You want to prevent all remote network connections, incoming and outgoing, on your network interfaces.
To shut down one network interface, say, eth0:
# ifconfig eth0 down
To bring up one network interface, say, eth0:
# ifconfig eth0 up
To shut down all networking:
# /etc/init.d/network stop
# service network stop Red Hat
To bring up all networking:
# /etc/init.d/network start
# service network start Red Hat
Linux provides three levels of abstraction for enabling and disabling your network interfaces (short of unplugging the network cable):
The lowest level, to enable/disable a single network interface. It has other functions as well for configuring an interface in various ways.
This mid-level pair of scripts operates on a single network interface, bringing it up or down respectively, by invoking ifconfig with appropriate arguments. They also initialize DHCP and handle a few other details. These are rarely invoked directly by users.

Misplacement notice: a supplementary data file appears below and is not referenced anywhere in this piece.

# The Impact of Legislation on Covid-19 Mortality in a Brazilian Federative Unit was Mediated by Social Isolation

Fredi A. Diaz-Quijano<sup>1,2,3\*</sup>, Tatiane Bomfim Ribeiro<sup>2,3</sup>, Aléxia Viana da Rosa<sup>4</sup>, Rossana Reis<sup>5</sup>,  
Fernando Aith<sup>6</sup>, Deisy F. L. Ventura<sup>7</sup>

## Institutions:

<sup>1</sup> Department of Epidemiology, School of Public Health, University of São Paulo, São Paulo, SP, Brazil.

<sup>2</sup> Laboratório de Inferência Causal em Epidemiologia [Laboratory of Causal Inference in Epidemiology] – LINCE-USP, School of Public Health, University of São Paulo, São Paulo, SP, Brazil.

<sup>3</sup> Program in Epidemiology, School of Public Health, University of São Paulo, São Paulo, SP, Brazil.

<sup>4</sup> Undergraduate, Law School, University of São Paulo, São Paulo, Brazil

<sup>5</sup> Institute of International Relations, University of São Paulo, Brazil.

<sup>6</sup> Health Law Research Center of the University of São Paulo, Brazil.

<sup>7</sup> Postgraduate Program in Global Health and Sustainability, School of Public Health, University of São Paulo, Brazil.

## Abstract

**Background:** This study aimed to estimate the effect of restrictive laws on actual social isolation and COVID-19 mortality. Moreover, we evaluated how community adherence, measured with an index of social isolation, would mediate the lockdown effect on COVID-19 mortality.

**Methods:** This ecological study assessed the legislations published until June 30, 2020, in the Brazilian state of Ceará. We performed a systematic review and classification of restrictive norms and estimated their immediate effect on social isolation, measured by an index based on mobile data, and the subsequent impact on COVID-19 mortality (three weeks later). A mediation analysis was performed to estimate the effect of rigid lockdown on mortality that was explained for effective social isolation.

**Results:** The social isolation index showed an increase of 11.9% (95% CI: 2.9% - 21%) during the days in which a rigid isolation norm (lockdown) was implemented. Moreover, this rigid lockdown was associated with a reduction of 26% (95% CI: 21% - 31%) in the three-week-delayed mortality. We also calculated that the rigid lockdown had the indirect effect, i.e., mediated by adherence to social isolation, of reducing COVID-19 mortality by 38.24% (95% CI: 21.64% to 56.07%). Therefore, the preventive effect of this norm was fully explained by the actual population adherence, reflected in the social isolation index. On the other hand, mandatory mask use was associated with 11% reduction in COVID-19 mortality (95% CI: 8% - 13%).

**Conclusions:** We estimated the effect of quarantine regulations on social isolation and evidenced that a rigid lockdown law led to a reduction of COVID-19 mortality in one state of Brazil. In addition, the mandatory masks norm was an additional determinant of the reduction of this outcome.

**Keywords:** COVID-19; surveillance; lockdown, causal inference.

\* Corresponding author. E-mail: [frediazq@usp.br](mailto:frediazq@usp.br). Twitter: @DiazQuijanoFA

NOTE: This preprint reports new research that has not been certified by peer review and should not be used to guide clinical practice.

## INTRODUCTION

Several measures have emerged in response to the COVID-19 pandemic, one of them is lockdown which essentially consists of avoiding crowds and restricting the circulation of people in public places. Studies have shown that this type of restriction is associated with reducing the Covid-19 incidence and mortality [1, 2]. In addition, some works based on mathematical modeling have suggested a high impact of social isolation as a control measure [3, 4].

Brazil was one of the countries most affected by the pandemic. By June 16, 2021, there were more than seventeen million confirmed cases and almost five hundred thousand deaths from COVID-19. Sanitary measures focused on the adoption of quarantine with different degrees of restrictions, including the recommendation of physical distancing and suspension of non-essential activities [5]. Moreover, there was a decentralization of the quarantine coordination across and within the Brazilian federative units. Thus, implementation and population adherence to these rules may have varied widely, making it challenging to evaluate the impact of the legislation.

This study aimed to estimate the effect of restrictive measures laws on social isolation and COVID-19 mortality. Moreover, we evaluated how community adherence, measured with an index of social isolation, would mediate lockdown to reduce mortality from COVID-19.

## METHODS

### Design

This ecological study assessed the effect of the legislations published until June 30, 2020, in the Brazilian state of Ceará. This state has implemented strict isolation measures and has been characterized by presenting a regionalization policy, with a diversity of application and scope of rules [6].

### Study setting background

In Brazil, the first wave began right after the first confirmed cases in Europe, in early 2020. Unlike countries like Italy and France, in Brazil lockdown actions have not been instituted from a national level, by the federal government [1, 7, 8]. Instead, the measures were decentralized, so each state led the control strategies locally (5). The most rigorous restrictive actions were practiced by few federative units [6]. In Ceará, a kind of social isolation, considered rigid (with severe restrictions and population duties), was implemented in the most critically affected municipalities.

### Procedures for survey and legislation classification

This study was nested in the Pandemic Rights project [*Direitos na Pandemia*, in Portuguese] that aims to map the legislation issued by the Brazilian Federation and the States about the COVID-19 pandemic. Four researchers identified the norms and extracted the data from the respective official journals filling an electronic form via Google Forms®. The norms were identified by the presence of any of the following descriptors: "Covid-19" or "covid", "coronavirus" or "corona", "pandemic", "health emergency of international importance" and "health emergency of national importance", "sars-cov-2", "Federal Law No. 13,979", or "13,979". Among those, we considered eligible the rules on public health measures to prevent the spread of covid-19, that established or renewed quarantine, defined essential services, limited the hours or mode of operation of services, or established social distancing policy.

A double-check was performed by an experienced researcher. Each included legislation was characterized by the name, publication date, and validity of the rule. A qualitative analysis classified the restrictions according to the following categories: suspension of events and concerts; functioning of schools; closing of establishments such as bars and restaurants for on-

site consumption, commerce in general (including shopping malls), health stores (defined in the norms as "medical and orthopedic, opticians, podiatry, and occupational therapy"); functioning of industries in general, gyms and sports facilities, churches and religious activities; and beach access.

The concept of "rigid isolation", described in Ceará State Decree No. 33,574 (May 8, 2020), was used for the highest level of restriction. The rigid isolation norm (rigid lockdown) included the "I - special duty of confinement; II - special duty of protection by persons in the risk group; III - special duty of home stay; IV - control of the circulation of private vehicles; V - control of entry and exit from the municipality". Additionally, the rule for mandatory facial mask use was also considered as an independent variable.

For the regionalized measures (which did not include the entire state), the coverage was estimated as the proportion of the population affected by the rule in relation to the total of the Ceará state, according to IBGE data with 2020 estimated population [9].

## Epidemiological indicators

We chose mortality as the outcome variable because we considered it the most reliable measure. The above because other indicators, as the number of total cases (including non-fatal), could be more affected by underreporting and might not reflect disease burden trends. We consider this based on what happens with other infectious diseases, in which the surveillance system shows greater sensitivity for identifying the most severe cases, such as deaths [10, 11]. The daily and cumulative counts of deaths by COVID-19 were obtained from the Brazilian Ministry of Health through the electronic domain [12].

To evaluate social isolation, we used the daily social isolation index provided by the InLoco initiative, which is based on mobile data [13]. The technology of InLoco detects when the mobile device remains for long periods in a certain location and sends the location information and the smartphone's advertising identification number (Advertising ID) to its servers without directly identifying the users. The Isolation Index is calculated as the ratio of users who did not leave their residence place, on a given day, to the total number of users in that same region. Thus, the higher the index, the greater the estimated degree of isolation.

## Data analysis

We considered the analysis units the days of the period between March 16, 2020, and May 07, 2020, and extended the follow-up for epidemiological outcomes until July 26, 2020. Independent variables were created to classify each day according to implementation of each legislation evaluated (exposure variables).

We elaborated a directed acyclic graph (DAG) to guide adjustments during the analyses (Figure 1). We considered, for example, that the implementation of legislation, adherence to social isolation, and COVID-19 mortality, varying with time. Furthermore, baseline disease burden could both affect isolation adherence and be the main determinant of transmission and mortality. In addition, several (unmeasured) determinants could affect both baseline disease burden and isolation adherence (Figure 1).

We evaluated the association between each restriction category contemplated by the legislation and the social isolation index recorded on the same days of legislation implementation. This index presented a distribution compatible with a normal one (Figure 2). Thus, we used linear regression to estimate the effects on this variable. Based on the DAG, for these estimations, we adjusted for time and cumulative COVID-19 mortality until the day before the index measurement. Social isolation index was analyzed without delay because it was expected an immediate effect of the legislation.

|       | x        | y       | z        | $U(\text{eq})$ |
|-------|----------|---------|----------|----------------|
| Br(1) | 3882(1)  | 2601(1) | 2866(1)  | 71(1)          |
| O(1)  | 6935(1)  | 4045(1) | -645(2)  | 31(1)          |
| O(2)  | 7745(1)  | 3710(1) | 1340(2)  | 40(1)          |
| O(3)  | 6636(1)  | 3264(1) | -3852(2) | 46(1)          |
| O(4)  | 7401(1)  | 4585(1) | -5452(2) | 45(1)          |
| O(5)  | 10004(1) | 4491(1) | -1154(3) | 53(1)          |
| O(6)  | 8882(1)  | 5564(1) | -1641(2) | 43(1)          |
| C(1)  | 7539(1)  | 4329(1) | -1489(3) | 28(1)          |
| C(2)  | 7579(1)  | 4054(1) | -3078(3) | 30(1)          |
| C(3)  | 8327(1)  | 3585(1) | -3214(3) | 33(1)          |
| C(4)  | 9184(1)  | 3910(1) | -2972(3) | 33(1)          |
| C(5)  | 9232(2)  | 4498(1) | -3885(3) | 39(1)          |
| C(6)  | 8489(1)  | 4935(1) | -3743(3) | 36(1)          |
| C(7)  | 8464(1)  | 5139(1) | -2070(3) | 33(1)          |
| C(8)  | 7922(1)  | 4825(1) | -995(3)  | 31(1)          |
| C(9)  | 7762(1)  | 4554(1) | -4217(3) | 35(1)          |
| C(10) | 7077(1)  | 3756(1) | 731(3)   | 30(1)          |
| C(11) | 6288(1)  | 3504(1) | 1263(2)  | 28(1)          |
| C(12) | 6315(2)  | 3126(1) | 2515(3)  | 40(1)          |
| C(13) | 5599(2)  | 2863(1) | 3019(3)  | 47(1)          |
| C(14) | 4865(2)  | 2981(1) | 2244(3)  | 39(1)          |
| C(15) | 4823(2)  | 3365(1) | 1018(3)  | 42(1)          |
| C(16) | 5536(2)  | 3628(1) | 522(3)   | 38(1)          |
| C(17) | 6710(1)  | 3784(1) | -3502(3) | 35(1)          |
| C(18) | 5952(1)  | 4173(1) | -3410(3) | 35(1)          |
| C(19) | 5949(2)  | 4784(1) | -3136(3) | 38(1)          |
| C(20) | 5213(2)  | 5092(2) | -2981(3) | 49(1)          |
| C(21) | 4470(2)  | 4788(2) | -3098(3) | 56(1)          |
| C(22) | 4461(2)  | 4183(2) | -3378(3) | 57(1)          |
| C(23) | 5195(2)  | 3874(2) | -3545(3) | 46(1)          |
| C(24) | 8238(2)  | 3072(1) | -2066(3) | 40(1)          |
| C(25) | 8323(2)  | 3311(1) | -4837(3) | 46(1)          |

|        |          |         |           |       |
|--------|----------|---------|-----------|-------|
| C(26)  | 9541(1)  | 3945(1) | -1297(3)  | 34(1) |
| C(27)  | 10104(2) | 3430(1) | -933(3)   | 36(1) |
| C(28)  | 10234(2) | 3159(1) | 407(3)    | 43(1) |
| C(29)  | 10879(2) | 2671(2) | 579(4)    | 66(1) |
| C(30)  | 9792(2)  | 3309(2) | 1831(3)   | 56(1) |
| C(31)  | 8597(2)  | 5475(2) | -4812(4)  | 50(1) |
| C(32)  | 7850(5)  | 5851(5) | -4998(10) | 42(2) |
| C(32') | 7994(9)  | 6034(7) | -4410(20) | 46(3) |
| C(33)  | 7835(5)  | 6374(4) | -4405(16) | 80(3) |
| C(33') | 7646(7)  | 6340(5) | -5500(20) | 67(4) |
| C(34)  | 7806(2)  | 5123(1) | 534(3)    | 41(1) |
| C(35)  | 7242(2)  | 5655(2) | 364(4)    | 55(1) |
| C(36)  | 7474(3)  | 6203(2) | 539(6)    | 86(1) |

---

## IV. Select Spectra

A high-level script that operates on all network interfaces, not just one. It runs ifup or ifdown for each interface as needed, and also handles other details: adding routes, creating a lock file to indicate that networking is enabled, and much more. It even toggles the loopback interface, which might be more than you intended, if you just want to block outside traffic.
The scripts ifup, ifdown, and network are pretty short and well worth reading.
ifconfig(8). usernetctl(8) describes how non-root users may modify parameters of network interfaces using ifup and ifdown, if permitted by the system administrator.